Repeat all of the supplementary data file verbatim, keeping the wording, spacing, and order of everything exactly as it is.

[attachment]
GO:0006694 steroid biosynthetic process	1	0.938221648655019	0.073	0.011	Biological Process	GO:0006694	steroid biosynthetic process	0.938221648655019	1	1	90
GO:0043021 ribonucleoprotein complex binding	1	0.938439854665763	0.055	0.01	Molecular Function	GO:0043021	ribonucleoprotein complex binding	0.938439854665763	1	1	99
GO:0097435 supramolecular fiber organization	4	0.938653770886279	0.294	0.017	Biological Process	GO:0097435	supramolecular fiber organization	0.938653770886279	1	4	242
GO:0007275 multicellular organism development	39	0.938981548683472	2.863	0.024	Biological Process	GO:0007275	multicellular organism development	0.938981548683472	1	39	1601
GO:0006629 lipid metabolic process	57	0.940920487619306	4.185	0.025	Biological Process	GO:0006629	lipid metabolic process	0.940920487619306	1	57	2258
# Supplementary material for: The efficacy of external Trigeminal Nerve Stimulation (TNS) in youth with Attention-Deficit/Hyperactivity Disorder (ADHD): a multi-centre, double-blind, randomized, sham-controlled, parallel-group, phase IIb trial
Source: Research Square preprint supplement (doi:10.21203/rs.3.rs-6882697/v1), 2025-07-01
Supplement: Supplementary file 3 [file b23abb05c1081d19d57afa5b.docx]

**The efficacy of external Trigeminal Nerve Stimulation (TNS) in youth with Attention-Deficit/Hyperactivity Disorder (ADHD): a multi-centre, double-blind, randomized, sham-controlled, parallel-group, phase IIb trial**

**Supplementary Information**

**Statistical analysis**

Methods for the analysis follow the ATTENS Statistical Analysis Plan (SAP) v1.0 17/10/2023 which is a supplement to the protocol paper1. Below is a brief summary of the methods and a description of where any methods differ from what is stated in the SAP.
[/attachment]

GO:0006694 steroid biosynthetic process	1	0.938221648655019	0.073	0.011	Biological Process	GO:0006694	steroid biosynthetic process	0.938221648655019	1	1	90
GO:0043021 ribonucleoprotein complex binding	1	0.938439854665763	0.055	0.01	Molecular Function	GO:0043021	ribonucleoprotein complex binding	0.938439854665763	1	1	99
GO:0097435 supramolecular fiber organization	4	0.938653770886279	0.294	0.017	Biological Process	GO:0097435	supramolecular fiber organization	0.938653770886279	1	4	242
GO:0007275 multicellular organism development	39	0.938981548683472	2.863	0.024	Biological Process	GO:0007275	multicellular organism development	0.938981548683472	1	39	1601
GO:0006629 lipid metabolic process	57	0.940920487619306	4.185	0.025	Biological Process	GO:0006629	lipid metabolic process	0.940920487619306	1	57	2258
# Supplementary material for: The efficacy of external Trigeminal Nerve Stimulation (TNS) in youth with Attention-Deficit/Hyperactivity Disorder (ADHD): a multi-centre, double-blind, randomized, sham-controlled, parallel-group, phase IIb trial
Source: Research Square preprint supplement (doi:10.21203/rs.3.rs-6882697/v1), 2025-07-01
Supplement: Supplementary file 3 [file b23abb05c1081d19d57afa5b.docx]

**The efficacy of external Trigeminal Nerve Stimulation (TNS) in youth with Attention-Deficit/Hyperactivity Disorder (ADHD): a multi-centre, double-blind, randomized, sham-controlled, parallel-group, phase IIb trial**

**Supplementary Information**

**Statistical analysis**

Methods for the analysis follow the ATTENS Statistical Analysis Plan (SAP) v1.0 17/10/2023 which is a supplement to the protocol paper1. Below is a brief summary of the methods and a description of where any methods differ from what is stated in the SAP.